Imagine running a business where all you know are the costs of your raw materials and nothing about how much of each go into your products.

You would have difficulty estimating what price to charge, how many you had to make to satisfy your customers and when you would need to order more raw materials.

You would not know whether what you paid for those raw materials is less than the cost to buy the product from off the shelf.

This is precisely the way that most IT organizations operate.

Understanding the difference between the costs to run the business and the costs to grow or change the business is crucial to effective technology investment budgeting.

The way these costs are allocated or charged to business units has a dramatic impact on IT demand, resource allocation, and ultimately the value delivered.

IT organizations need to think about their IT budgets in the context of a business technology strategy.

Here are three basis steps, to help you do this:

Step 1: Translate IT resources into services
Like any business, IT must define what it does in terms of the products and services that it provides its customers and build the bill of materials for each one.

This requires IT to map its resources to the products and services that they support and produce a service catalogue.

The types of products and services IT supplies is a function of the firm's industry and business strategy, which determine the role that IT plays. The resources (raw materials) may be sourced internally or externally.

A service catalogue is an essential vehicle for communication and coordination between IT and its customers.

It plays a key role in IT cost transparency.

A well-implemented service catalogue:

 - Helps to determe the right portfolio of service offerings
 - Negotiate service-level options with the business
 - Track IT budgets and consumption
 - Manage the fulfillment of requests for services

The service catalogue aids business decision-making, because it gives executives a view into the portfolio of IT services in business-relevant terms.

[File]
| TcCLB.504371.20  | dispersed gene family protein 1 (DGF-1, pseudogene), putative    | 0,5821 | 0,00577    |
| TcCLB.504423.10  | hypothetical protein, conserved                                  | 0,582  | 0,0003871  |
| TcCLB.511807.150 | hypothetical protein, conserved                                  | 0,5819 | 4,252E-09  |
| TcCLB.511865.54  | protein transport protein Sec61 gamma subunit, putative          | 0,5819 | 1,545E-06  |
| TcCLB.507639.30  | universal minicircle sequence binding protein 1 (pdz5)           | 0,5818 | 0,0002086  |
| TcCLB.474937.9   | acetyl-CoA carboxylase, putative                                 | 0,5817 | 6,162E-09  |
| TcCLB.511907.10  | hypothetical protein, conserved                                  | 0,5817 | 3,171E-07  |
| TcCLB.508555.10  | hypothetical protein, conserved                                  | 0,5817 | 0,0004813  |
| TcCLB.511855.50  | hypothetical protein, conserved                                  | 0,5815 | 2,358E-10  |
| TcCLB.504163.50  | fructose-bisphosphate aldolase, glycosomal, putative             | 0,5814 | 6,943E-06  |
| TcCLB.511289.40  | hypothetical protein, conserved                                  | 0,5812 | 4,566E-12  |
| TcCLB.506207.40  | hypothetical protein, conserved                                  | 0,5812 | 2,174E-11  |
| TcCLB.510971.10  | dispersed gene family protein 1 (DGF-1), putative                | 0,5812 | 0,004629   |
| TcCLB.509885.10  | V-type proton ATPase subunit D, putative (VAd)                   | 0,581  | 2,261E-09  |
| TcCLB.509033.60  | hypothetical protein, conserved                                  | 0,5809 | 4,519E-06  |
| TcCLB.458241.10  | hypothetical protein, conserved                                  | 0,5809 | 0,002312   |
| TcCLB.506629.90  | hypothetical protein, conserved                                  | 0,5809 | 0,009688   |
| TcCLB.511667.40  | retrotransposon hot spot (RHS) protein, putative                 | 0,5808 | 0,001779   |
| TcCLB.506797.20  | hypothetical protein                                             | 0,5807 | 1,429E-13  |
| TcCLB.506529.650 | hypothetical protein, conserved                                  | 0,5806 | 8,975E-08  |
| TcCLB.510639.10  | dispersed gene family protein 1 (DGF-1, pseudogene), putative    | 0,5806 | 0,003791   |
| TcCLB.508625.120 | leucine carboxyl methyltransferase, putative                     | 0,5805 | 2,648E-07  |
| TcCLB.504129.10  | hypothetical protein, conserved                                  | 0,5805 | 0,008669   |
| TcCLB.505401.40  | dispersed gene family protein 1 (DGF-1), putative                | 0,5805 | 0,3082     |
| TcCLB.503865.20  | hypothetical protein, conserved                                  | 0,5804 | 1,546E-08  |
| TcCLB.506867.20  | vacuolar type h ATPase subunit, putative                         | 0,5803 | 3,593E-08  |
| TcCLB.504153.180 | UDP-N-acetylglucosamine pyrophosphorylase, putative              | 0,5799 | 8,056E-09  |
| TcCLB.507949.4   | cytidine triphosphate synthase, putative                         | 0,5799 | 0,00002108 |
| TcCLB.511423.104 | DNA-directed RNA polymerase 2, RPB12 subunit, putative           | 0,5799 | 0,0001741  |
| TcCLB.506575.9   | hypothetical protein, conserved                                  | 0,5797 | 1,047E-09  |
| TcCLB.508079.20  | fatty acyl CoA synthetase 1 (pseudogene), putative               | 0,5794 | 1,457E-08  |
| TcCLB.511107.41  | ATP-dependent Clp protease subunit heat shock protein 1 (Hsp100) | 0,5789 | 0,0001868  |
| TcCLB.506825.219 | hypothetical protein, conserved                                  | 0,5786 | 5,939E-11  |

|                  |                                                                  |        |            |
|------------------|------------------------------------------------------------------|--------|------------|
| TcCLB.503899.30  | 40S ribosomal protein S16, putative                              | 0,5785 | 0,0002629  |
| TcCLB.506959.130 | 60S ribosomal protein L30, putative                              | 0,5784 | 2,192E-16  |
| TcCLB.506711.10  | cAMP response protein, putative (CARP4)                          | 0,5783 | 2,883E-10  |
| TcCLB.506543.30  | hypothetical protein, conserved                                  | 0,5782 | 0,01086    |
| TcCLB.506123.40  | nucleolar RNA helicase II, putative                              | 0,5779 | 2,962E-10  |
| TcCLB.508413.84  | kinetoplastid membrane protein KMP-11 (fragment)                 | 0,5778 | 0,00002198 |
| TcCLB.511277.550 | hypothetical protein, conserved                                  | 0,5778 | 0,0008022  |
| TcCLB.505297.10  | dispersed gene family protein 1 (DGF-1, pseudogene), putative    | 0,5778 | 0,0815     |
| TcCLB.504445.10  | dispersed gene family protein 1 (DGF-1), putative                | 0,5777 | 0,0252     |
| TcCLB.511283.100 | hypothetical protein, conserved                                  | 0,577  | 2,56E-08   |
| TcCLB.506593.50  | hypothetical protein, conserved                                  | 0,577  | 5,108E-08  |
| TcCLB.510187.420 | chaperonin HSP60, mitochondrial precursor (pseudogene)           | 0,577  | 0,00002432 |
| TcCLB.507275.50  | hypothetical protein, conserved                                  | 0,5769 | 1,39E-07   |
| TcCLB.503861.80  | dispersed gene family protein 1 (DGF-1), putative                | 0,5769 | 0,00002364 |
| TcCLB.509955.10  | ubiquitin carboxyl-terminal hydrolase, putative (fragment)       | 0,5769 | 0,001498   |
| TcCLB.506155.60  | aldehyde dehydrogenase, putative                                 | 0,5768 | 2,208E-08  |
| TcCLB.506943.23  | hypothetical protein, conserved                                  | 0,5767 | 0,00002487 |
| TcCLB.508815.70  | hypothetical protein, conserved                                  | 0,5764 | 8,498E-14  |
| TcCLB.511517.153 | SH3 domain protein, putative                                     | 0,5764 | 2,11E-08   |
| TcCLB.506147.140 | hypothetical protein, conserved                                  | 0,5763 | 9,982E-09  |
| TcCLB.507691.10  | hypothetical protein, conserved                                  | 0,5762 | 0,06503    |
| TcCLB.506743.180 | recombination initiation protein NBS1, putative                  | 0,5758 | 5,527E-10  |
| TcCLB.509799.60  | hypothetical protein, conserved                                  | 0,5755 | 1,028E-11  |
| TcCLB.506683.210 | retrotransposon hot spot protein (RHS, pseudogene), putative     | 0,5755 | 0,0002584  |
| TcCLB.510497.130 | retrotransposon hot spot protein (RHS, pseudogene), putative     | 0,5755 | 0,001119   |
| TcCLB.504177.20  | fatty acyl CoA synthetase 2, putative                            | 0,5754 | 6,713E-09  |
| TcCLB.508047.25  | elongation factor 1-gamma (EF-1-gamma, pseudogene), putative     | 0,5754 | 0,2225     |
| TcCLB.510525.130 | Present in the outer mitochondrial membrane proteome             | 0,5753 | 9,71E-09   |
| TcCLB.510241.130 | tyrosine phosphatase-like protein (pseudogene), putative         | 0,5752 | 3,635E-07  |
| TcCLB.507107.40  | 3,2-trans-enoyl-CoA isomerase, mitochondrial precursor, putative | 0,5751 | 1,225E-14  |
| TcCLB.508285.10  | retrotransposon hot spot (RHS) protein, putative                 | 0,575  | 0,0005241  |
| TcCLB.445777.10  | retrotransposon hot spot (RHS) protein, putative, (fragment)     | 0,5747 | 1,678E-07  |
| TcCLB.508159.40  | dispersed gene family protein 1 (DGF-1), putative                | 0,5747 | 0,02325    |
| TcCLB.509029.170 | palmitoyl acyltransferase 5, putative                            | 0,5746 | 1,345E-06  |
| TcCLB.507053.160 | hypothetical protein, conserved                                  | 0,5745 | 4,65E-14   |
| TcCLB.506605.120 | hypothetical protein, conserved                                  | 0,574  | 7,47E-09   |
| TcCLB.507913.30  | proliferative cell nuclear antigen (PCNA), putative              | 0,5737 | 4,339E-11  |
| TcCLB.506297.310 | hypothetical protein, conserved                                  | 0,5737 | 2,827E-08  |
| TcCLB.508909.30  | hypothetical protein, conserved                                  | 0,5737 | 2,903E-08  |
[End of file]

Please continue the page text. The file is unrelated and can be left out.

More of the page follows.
Step 2: Developing cost models
Closely coupled to the service catalogue is a cost model for each service.

Use the cost model to ultimately determine what users will pay, providing the organization with complete cost transparency.

Developing cost models requires data from many sources. In many cases, costs will be explicit and easily linked to services.

In other cases, they will have to be estimated and allocated in some way.

Building a cost model for a service involves collecting the costs for each of the service components, based on their category to develop the unit cost.

For example: The cost of an email service includes hardware, software, facilities, labour, and possibly external services. Some of these are direct costs while others are indirect.

Once the total cost of providing email has been determined, it can be divided by the cost driver, in this case number of users, to come up with the unit cost for email. This framework is illustrated below (see Figure 1).

Step 3: Invoicing customers
The final step in cost transparency is invoicing customers for their consumption of IT resources.

This enables IT customers to link their IT consumption directly to business value and make intelligent decisions about their demand.

Each month, cost center managers should each receive a line-item invoice that details their consumption of IT resources and outlines their actual costs for the month by service.

This information can be checked against the budgeted amounts for the services to determine any variance.

Together, the service catalogues and invoices become extremely valuable components for IT demand management because they enable business executives and managers to have detailed discussions with their IT relationship or account managers about their requirements for IT services.

CIOs are also able to quickly determine the optimum strategy for delivering shared IT capabilities.

At budgeting time, rather than looking at last year's expense plus some growth factor, managers can look at specific demand and cost drivers and make rational decisions about future demand.

This all leads to more accurate forecasting and planning and enables business managers to look at the business value of each service.

This IT-as-a-service approach provides customers with a detailed understanding of the costs of products and services.

Craig Symons is vice president and principal analyst serving CIOs at Forrester Research

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